The thing that really makes this series work so well is the interactions between the characters. Margaret and Helen both see themselves as the leader of the group, though Margaret's sometimes wobbly self-esteem and tendency to overthink stops her from reaching her potential (I feel for her a lot). Helen is usually the antagonist; the prim, controlling voice of the Establishment, but she's often undermined by her libertine mother who's obviously lived a varied and scandalous life. Helen's daughter Emily is also inspired by the cause of women's suffrage, and has a young woman's passion (or maybe she just takes after her grandmother) suggesting more radical action but still having difficulty openly defying her mother, or declaring her feelings for the man she loves. Eva is more interested in her own life and large family than politics, and she may seem like a bit of a ditz, but she means well and can be supportive of her friends. I suspect Eva is a bit of an everywoman character, though I don't know if that was the intention. Finally there's Gwen, the only lower-class woman of the group, a spinster that the others tend to unthinkingly treat like a skivvy, but whose lack of understanding in certain areas is made up for with good grace and occasionally brilliant practicality and enthusiasm. The token man of the group is Thomas, one of the best effeminate -but not camp- characters I have ever seen on TV. There are a lot of qualities Thomas does not have, but he is principled and compassionate. Finally there's Frank, the caretaker of the village hall where the episodes take place, a non nonsense working-class chap who finds the antics of these ladies somewhat perplexing.

Raised by Wolves
A new series to Channel 4, Raised by Wolves is set in a council estate estate in Wolverhampton (a city in the metropolitan county of the West Midlands, which also contains Birmingham, the city where I live). It's about a large, chaotic family, mostly following the mother Della, and the eldest two teenage daughters Germaine and Aretha. There is one boy among the siblings and the laid-back grandfather -Grampy- appears in the episodes too. It's written by Caitlin and Caroline Moran and is based on their own unusual childhood in Wolverhampton.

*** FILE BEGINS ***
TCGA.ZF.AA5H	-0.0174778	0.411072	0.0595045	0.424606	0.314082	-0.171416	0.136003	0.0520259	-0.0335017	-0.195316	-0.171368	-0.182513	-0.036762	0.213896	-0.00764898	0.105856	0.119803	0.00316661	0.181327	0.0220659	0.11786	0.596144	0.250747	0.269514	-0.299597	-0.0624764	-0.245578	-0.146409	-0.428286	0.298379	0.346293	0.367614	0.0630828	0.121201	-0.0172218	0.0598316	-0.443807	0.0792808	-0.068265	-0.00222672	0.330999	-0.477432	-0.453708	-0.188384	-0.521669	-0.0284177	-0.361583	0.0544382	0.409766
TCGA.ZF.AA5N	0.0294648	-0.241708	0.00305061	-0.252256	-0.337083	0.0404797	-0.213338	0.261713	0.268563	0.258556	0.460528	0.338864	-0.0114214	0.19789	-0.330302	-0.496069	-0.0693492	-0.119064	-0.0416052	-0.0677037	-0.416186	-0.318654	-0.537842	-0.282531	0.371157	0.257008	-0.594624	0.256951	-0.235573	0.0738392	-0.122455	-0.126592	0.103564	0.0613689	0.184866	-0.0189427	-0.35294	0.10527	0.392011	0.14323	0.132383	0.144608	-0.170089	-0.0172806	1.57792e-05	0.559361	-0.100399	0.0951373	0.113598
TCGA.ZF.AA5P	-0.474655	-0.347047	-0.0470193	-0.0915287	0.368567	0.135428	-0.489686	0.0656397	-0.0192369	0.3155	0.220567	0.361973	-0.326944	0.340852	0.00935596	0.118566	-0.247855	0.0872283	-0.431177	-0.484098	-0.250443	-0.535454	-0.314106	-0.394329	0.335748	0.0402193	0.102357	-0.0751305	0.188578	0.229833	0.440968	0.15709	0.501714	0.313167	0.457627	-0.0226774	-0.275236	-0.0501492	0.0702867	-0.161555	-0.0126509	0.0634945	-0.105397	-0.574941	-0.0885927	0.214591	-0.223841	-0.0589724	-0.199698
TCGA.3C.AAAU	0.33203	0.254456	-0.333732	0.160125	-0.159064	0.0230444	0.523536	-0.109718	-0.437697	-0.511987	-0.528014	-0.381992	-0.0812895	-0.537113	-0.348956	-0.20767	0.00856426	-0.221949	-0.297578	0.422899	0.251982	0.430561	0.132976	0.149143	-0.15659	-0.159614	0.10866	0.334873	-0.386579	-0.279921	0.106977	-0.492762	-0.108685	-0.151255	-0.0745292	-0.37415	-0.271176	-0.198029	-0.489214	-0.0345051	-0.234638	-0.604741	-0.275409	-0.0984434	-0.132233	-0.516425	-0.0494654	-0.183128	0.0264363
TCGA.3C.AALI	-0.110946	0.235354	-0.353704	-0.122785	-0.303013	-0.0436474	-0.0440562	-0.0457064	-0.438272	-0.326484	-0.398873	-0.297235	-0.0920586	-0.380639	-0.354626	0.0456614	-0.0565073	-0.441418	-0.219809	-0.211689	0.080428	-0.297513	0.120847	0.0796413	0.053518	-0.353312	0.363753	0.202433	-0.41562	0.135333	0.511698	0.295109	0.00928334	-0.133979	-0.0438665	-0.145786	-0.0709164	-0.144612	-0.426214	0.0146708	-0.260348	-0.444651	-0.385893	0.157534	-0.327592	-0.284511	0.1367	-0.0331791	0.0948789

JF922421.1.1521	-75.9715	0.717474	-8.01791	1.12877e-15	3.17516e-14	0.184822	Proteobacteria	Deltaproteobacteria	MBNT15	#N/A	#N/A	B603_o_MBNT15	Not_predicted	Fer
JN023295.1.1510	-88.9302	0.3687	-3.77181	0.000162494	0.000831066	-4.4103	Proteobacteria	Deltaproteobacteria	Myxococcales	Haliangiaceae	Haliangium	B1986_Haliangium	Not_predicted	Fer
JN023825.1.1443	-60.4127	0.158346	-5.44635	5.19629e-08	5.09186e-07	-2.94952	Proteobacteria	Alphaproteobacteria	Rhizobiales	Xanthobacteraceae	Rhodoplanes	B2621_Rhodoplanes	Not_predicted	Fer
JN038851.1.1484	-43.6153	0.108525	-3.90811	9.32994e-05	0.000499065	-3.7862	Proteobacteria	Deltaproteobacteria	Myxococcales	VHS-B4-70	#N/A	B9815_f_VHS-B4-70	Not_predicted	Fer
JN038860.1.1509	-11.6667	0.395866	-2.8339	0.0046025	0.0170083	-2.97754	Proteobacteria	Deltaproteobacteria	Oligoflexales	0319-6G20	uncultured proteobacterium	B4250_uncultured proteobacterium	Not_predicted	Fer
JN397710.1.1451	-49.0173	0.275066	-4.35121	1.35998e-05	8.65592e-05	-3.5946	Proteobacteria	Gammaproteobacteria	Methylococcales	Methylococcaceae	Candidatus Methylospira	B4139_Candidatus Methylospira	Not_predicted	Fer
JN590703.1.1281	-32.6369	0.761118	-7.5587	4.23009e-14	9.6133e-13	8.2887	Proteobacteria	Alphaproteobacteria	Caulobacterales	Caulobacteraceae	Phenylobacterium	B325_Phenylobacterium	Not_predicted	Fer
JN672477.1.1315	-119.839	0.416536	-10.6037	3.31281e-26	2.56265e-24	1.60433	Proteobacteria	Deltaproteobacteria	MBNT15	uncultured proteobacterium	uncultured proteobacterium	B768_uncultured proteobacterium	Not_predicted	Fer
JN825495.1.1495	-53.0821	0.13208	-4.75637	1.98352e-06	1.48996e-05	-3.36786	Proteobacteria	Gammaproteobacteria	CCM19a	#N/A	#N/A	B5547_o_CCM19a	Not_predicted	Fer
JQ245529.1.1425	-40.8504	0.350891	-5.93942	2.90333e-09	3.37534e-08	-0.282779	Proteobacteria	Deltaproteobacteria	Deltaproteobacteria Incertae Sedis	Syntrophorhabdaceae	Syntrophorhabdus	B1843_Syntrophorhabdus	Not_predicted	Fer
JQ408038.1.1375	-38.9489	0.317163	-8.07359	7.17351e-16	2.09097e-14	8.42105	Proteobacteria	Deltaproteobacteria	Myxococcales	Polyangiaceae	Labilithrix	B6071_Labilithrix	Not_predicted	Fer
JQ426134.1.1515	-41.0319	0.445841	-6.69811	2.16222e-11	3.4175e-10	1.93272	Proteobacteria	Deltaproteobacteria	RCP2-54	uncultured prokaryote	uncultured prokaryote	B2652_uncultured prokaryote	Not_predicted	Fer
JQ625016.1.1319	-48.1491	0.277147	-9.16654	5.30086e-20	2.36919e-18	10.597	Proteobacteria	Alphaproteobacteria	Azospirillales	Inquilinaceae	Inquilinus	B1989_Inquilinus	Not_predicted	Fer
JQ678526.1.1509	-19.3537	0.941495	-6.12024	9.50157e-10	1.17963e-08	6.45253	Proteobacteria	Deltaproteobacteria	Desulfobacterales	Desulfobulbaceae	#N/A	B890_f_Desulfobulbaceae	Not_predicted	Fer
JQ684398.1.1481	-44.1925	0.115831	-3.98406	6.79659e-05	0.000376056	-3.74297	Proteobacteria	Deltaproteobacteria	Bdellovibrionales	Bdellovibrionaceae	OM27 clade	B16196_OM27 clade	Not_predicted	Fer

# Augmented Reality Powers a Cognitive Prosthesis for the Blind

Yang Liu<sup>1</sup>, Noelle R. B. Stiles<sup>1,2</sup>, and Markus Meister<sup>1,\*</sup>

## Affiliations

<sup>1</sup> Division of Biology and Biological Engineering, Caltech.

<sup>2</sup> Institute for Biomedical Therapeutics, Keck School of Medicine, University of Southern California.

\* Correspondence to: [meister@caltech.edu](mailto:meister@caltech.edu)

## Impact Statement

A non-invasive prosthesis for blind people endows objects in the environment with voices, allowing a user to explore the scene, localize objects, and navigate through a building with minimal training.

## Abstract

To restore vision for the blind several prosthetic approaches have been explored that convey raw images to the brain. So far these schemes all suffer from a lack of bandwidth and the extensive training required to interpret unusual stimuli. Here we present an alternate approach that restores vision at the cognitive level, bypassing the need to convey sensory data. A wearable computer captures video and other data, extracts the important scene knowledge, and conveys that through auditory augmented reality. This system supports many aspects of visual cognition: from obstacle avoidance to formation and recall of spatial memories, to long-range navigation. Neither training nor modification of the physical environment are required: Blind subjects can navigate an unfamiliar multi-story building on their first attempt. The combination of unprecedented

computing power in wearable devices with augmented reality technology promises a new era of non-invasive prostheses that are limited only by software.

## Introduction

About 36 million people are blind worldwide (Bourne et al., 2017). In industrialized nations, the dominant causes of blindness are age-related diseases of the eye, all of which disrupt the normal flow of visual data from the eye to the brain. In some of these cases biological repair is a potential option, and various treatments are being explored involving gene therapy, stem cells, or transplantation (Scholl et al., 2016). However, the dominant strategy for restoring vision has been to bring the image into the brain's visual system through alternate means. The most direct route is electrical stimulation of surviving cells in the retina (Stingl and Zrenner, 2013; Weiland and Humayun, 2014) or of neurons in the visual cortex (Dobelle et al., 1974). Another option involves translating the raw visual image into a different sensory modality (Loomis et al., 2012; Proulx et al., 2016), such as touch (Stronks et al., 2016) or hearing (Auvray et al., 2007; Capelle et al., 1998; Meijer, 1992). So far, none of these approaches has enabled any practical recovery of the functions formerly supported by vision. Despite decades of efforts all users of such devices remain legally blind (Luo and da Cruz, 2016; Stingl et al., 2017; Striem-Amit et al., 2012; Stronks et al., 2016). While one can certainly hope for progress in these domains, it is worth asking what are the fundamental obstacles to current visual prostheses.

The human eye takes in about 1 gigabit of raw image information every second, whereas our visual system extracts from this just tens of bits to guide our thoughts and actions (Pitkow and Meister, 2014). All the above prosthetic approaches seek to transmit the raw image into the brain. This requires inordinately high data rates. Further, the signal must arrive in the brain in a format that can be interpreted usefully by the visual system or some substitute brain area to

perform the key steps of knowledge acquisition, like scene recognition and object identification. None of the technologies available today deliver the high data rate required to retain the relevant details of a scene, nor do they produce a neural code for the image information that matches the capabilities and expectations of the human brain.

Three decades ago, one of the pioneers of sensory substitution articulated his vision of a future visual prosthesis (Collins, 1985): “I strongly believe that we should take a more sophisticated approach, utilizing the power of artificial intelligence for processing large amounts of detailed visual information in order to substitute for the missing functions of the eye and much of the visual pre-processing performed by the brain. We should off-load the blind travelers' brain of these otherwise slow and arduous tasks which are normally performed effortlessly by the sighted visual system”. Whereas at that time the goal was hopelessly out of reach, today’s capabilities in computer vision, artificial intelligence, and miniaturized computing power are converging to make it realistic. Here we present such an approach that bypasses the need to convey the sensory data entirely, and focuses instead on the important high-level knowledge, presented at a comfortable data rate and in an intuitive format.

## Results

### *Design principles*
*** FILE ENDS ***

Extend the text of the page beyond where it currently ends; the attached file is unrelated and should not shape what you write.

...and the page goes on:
Eldest siblings Germaine and Aretha are intelligent and intellectual, aware of politics and pop culture, in a way that you don't tend to see in working class people on TV. Where Aretha is already fairly world-weary and able to see past the trappings of modern life, Germaine is keen to insert herself into the role of edgy outsider, even if that's not how others see her. Della is very dry and never afraid to get her hands dirty. There are various scenes of her doing something practical or giving very blunt and un-TV-mother-like advice to her children. She says it like it is: “We’re not southern twats and we’re not northern twats; we’re Midlands twats." I love this sentiment, if only because as a Midlander it's one I've shared for many years (albeit with less twats).

What's good about the show is that it's focused on what it's like to be a teenage girl, in a way you don't normally see. Despite her intelligence Germaine is attracted to a complete lout and is obviously horny as hell. In most teen-based shows girls are the ones to be attained and rarely is any focus given to their experience of hormones or loneliness (though previous Channel 4 show my Mad Fat Diary also did this). It is a balance that has long needed addressing because TV would have you believe that only men are put upon by puberty, lust and frustration, and that's simply not true. The character I most identified with is Aretha, her head in a book most of the time and never keen to participate, she's a young cynic who is dragged into things by her brash older sister and tries to shield the younger Yoko from Germaine's excesses (not that this reflects my life in any way, but I get the character's point of view best). It's very cool to have a show with multiple weird, offbeat female characters. Many shows will have one odd woman (who can range from regular, returner, or cameo) but never before have I seen so many non-mainstream depictions of women on a show, and it's great.

No Offence
A late addition to this post as it is currently airing on Channel 4, with the third episode broadcast on Tuesday. It's also the odd one out as it's not a half-hour sitcom but an hour-long police comedy drama. Although it is another new show that features prominently female characters. Written by Paul Abbott, whose work I've heard about but not seen much of, it is set in a Manchester police station.